Sometimes these students stay on years after they graduate — owner Ed Tracey was one of those summer employees who remained loyal. Born and raised in Norwalk, he began working summers at Capt’n John’s while attending college. After graduating from Central Connecticut State University with a degree in accounting, he continued working for Capt’n John’s on weekends while holding down a full-time job in the corporate world. Ed assumed more responsibility for Capt’n John’s as general manager, becoming an owner when the Capt’n decided to step back from the business a few years ago. During this time, he worked with John on all aspects of the business, helping it grow with ideas like realizing that people wanted tents, tables and chairs, subsequently adding those choices to the business’ offerings.
As the employees remain loyal and return year after year, so too has this local business thrived for 34 years. It helps that Capt’n John’s provides a delicious homemade product, employs local people, the food is delivered fresh daily, and quality control is fierce. But there’s also an element of innovation to the enterprise.
As Capt’n John used to say, “Nothing we make comes out of a can or a freezer . . . unless we put it in a can for you.”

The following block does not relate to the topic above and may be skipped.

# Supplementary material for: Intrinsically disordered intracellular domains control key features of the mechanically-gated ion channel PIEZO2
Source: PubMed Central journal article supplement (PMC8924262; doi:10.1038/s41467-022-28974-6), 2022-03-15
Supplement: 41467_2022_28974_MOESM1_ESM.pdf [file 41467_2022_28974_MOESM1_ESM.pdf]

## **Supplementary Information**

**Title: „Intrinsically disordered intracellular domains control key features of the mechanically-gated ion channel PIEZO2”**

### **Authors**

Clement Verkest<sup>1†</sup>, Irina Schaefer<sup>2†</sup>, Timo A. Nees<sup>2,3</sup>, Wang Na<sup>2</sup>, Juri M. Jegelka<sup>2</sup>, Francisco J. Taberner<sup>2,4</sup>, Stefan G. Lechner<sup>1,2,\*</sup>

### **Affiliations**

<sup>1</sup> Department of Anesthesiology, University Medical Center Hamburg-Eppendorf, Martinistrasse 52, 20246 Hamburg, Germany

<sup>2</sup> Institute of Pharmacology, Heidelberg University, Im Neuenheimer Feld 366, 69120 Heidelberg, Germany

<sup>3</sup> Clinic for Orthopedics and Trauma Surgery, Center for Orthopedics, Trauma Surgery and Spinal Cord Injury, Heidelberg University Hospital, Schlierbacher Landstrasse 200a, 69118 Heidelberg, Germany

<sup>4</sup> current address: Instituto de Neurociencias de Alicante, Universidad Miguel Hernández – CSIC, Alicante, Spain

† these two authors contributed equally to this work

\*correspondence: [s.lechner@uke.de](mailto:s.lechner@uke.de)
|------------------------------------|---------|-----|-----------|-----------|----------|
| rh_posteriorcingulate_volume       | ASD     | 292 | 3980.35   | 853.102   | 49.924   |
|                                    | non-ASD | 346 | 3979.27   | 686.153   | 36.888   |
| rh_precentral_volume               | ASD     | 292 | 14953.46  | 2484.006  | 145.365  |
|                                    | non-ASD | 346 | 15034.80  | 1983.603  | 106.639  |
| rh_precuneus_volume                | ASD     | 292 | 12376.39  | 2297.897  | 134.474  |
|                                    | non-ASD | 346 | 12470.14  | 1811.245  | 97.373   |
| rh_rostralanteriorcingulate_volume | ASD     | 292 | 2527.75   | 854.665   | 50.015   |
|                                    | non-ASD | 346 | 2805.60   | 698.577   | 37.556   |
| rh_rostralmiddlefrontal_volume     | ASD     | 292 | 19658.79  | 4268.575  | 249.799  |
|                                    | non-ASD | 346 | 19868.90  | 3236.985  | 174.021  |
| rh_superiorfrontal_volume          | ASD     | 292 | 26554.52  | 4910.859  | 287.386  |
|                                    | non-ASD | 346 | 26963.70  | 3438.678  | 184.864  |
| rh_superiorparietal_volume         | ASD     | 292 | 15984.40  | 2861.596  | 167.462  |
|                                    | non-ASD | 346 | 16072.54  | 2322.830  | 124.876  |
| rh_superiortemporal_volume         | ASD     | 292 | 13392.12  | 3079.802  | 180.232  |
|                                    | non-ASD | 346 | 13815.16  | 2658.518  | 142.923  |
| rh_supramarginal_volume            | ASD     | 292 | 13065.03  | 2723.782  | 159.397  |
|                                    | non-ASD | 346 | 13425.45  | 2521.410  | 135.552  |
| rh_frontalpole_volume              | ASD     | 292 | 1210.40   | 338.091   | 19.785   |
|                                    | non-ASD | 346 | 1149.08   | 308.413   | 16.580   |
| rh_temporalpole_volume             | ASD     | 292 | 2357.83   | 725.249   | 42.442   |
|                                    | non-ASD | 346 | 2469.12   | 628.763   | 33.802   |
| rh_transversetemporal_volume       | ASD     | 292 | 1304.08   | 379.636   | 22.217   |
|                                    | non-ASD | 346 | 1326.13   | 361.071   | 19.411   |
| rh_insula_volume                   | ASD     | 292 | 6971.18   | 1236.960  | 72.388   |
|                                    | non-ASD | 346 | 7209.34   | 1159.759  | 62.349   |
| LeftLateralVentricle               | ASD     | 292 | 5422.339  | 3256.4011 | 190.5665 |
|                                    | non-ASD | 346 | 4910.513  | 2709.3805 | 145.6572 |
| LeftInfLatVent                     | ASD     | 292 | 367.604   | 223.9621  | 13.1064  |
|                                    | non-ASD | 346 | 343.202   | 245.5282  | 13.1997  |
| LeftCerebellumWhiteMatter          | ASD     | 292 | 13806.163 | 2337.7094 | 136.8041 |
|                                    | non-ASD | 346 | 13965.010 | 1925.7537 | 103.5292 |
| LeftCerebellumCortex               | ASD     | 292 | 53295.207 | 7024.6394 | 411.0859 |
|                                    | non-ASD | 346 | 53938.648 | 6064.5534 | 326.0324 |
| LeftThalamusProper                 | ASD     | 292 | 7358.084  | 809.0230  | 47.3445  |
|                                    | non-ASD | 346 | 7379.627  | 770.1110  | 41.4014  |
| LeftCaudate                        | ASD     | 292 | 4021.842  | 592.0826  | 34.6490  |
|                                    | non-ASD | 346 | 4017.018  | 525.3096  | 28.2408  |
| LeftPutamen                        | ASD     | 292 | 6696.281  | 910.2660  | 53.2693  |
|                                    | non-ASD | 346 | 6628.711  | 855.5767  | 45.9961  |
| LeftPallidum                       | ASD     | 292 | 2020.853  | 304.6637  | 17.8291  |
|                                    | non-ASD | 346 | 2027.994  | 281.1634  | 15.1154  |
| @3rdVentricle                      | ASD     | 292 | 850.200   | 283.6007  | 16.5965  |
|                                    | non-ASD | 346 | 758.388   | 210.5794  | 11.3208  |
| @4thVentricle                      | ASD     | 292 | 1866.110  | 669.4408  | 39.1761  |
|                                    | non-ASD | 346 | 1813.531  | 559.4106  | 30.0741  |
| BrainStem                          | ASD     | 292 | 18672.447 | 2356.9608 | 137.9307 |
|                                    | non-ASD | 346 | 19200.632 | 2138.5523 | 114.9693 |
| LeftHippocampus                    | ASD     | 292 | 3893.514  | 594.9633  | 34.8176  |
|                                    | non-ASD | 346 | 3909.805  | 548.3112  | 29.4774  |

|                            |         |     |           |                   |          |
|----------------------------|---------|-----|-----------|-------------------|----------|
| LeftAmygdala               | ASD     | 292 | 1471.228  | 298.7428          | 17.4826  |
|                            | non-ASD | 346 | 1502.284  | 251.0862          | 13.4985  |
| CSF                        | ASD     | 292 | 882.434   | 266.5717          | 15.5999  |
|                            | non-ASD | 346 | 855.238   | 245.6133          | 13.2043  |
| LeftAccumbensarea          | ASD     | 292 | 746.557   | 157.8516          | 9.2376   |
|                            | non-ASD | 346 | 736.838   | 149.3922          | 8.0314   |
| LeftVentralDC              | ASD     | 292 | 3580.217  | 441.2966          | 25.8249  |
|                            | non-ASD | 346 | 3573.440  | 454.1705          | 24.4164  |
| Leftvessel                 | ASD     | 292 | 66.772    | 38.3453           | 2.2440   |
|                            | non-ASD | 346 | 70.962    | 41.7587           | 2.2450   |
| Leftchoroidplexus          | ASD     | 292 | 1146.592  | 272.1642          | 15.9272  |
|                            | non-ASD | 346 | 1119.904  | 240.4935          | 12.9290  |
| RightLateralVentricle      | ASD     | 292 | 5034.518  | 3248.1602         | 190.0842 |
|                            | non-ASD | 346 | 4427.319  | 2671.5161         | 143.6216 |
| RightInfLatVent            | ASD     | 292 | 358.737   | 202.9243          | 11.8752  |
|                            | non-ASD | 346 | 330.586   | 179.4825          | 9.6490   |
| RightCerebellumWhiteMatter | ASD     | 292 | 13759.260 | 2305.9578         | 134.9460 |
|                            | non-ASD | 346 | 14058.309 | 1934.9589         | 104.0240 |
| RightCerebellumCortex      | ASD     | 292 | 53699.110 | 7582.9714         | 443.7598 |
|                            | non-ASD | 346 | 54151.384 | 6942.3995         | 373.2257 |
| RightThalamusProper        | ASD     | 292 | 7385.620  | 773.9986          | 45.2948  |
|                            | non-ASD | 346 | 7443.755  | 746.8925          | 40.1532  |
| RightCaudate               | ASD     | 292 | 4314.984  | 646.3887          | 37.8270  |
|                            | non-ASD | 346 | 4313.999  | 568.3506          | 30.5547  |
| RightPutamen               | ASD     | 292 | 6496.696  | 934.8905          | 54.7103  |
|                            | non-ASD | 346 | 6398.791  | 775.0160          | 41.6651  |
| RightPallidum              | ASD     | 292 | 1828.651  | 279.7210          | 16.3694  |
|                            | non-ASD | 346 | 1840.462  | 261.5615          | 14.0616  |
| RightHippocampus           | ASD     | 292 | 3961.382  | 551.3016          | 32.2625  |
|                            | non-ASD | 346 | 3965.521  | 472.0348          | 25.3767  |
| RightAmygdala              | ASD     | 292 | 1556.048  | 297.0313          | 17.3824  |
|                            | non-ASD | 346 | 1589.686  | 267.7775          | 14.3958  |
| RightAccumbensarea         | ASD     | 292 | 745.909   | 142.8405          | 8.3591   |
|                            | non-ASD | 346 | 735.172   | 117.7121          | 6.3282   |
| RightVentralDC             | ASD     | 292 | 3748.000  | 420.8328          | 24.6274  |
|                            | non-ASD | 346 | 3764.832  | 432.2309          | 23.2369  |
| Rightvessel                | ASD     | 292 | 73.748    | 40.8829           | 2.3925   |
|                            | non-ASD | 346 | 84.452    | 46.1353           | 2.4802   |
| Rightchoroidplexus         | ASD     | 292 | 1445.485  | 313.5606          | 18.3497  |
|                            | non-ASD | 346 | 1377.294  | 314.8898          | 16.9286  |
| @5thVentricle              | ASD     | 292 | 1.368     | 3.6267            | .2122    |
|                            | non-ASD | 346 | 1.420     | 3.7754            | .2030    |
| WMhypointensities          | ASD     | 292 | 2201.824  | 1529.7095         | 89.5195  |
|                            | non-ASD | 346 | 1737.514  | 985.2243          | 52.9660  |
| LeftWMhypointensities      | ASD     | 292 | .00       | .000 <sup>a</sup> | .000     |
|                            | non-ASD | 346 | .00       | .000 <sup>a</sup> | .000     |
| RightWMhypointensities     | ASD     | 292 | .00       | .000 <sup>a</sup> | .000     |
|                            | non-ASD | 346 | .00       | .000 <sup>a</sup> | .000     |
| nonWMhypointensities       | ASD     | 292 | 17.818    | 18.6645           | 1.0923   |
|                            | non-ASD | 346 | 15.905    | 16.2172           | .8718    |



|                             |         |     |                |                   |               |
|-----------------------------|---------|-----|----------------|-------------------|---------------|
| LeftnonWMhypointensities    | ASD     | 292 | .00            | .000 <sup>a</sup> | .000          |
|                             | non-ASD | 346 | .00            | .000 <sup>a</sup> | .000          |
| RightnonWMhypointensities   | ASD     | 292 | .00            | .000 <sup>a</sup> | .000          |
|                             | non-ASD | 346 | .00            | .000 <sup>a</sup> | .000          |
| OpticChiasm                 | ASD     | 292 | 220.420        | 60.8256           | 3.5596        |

Which they will do. In 1982, Capt’n John started to experiment with the idea of a Travelin’ Clambake — a meal in a can that customers could take home and cook. John tried hundreds of different ways to figure out the perfect take-home meal — different sized clams, the optimal temperature to recommend, and finding the right tin can to put it in. He finally hit on just the right concoction, the result being that the customer can now order a $22 Travelin’ Clambake and pick it up in Norwalk. The special can designed by John contains a 1-1/4 lb fresh Maine lobster, steamers, mussels, sausage, corn-on-the-cob and new potatoes. All you do is add water, beer or wine, set it on a stove or grill and cook. Since it’s all self-contained, the customer doesn’t have to worry about picking up an eight-legged arthropod, placing it along with other squirming crustaceans and live mollusks into a pot of boiling hot water, organizing all the other fixin’s, and cleaning up the pots afterward (lobster can get very messy).